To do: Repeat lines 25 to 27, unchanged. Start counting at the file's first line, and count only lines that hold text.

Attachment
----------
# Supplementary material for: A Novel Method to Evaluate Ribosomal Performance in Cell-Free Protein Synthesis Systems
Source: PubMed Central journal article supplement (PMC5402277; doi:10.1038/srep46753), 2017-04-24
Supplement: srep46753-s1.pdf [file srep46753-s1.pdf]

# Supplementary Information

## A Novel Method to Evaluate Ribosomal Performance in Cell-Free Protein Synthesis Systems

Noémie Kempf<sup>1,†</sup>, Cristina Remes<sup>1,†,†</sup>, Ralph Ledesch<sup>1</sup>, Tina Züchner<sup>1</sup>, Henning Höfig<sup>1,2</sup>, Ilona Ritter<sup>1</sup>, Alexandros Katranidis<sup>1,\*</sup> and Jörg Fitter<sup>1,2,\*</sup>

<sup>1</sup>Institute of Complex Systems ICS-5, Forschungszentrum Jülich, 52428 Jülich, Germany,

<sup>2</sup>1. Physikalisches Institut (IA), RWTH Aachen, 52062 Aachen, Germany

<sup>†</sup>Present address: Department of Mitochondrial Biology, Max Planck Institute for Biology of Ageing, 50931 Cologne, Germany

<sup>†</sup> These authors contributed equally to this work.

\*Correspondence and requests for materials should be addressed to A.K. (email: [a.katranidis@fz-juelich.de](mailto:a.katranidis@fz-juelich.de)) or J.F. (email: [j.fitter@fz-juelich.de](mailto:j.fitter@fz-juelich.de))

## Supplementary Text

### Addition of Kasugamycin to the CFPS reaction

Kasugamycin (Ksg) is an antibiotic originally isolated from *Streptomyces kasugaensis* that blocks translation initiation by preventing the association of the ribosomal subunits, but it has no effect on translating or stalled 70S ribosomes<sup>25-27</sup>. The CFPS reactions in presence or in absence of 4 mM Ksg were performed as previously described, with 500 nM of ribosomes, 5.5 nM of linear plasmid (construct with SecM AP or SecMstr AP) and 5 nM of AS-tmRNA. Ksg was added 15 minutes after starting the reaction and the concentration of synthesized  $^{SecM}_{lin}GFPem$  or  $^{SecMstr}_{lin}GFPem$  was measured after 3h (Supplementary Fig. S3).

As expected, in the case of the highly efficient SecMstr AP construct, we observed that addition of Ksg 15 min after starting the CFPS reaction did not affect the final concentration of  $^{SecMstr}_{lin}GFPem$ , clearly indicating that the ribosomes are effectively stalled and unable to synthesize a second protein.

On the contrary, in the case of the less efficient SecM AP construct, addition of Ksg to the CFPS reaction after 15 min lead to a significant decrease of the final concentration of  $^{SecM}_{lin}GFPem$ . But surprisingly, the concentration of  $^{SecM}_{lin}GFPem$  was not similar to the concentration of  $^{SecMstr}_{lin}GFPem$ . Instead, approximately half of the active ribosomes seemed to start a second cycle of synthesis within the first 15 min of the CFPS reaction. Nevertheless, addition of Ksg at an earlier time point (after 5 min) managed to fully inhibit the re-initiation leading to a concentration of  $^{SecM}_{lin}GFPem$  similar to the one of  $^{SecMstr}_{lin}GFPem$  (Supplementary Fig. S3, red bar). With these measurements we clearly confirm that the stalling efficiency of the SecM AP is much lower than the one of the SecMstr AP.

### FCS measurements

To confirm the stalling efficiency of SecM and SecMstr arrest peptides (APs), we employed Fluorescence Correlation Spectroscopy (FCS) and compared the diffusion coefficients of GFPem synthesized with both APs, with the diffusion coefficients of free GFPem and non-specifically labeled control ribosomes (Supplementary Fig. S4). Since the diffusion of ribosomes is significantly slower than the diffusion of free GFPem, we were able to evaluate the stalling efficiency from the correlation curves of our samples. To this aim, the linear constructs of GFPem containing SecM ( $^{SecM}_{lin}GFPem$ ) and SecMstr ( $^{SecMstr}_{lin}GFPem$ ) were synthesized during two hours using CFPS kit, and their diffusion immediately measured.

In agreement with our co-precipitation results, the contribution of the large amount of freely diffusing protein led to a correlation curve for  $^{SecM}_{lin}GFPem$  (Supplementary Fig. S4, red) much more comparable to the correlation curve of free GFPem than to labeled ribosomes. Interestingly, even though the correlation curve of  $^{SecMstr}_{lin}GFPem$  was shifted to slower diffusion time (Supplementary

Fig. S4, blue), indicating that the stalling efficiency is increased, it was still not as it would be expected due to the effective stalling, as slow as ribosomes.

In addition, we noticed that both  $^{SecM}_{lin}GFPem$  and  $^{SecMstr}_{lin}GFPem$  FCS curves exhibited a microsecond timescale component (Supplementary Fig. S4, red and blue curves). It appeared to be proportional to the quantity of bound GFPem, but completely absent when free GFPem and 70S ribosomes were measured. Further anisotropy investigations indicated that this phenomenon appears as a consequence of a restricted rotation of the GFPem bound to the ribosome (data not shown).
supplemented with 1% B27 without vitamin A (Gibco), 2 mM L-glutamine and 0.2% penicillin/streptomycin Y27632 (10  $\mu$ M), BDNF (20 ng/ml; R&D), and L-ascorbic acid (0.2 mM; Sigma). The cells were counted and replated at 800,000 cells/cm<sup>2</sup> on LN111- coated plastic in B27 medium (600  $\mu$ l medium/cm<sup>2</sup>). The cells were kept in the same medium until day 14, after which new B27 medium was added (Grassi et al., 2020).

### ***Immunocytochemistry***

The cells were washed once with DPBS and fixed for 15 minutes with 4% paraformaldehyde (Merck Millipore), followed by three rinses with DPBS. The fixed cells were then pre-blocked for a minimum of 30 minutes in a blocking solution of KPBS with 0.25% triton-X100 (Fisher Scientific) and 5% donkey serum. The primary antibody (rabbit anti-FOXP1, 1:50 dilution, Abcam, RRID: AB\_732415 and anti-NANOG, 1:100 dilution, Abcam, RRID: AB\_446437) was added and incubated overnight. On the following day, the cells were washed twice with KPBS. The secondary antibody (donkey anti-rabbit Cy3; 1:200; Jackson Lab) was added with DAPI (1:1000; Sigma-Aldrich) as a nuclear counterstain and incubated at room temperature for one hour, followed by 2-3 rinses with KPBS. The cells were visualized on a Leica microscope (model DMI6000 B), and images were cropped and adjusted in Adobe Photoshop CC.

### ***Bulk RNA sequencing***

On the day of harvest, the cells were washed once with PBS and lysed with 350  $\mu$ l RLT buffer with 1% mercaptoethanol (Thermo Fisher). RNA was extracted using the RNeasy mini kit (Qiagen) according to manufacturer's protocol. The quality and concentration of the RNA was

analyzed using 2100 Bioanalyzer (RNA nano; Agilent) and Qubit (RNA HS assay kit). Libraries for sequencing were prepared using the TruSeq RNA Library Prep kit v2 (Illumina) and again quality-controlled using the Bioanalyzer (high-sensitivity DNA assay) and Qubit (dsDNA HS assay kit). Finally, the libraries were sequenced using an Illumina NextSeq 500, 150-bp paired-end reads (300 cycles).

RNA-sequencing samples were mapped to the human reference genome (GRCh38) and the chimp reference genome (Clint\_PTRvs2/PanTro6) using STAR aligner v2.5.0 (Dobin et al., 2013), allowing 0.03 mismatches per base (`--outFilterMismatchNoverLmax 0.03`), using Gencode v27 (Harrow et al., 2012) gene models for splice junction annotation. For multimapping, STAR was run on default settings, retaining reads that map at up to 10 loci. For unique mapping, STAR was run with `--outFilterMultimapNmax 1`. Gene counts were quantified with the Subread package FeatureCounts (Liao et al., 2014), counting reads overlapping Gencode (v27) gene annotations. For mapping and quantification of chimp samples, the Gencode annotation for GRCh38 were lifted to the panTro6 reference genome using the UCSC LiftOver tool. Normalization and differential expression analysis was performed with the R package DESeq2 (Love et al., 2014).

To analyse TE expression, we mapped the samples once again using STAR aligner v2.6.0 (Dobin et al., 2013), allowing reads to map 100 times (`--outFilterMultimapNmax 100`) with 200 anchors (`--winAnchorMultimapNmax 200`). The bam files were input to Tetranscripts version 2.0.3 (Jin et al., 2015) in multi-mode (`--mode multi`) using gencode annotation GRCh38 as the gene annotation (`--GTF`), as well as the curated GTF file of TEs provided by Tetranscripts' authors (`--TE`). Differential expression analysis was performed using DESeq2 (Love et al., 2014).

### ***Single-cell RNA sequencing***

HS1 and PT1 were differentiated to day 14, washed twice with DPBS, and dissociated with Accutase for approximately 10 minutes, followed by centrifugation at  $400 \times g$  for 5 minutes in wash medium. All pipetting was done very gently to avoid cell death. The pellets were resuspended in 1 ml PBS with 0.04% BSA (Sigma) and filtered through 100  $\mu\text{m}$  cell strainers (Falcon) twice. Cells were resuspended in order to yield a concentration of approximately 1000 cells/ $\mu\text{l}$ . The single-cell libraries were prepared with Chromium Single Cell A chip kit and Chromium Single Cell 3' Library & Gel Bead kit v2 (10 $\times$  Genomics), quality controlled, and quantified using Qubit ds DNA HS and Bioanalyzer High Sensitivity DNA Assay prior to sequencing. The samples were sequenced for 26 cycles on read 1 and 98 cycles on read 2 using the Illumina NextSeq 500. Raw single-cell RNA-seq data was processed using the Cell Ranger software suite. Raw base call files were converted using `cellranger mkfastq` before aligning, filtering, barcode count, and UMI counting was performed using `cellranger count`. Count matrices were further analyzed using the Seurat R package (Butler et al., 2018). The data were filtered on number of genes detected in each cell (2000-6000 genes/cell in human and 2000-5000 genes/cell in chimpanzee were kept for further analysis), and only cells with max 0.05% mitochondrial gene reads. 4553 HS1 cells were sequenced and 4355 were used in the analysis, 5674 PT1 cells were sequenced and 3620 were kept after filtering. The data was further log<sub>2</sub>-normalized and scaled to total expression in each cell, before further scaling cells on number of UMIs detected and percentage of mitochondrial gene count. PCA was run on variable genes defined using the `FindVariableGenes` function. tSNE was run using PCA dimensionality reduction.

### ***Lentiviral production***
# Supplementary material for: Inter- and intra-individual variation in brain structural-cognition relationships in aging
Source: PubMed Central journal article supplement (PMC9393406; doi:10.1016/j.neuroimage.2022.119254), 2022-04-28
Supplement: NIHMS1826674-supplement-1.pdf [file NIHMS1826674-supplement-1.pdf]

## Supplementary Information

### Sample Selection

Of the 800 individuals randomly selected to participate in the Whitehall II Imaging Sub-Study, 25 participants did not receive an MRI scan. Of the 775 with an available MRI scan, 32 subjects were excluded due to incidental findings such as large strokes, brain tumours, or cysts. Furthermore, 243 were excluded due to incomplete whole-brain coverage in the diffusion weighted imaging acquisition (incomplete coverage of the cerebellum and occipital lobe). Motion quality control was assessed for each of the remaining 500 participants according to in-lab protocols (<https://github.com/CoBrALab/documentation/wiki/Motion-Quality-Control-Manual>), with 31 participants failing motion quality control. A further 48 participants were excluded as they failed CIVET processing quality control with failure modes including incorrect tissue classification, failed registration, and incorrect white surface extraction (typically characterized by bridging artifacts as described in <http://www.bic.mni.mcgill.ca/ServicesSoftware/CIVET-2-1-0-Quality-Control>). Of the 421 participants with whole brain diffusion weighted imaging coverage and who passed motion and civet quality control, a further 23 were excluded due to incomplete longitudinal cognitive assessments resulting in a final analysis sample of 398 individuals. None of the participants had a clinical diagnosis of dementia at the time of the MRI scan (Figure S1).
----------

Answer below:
### ***Bulk RNA sequencing***

On the day of harvest, the cells were washed once with PBS and lysed with 350  $\mu$ l RLT buffer with 1% mercaptoethanol (Thermo Fisher). RNA was extracted using the RNeasy mini kit (Qiagen) according to manufacturer's protocol. The quality and concentration of the RNA was

analyzed using 2100 Bioanalyzer (RNA nano; Agilent) and Qubit (RNA HS assay kit). Libraries for sequencing were prepared using the TruSeq RNA Library Prep kit v2 (Illumina) and again quality-controlled using the Bioanalyzer (high-sensitivity DNA assay) and Qubit (dsDNA HS assay kit). Finally, the libraries were sequenced using an Illumina NextSeq 500, 150-bp paired-end reads (300 cycles).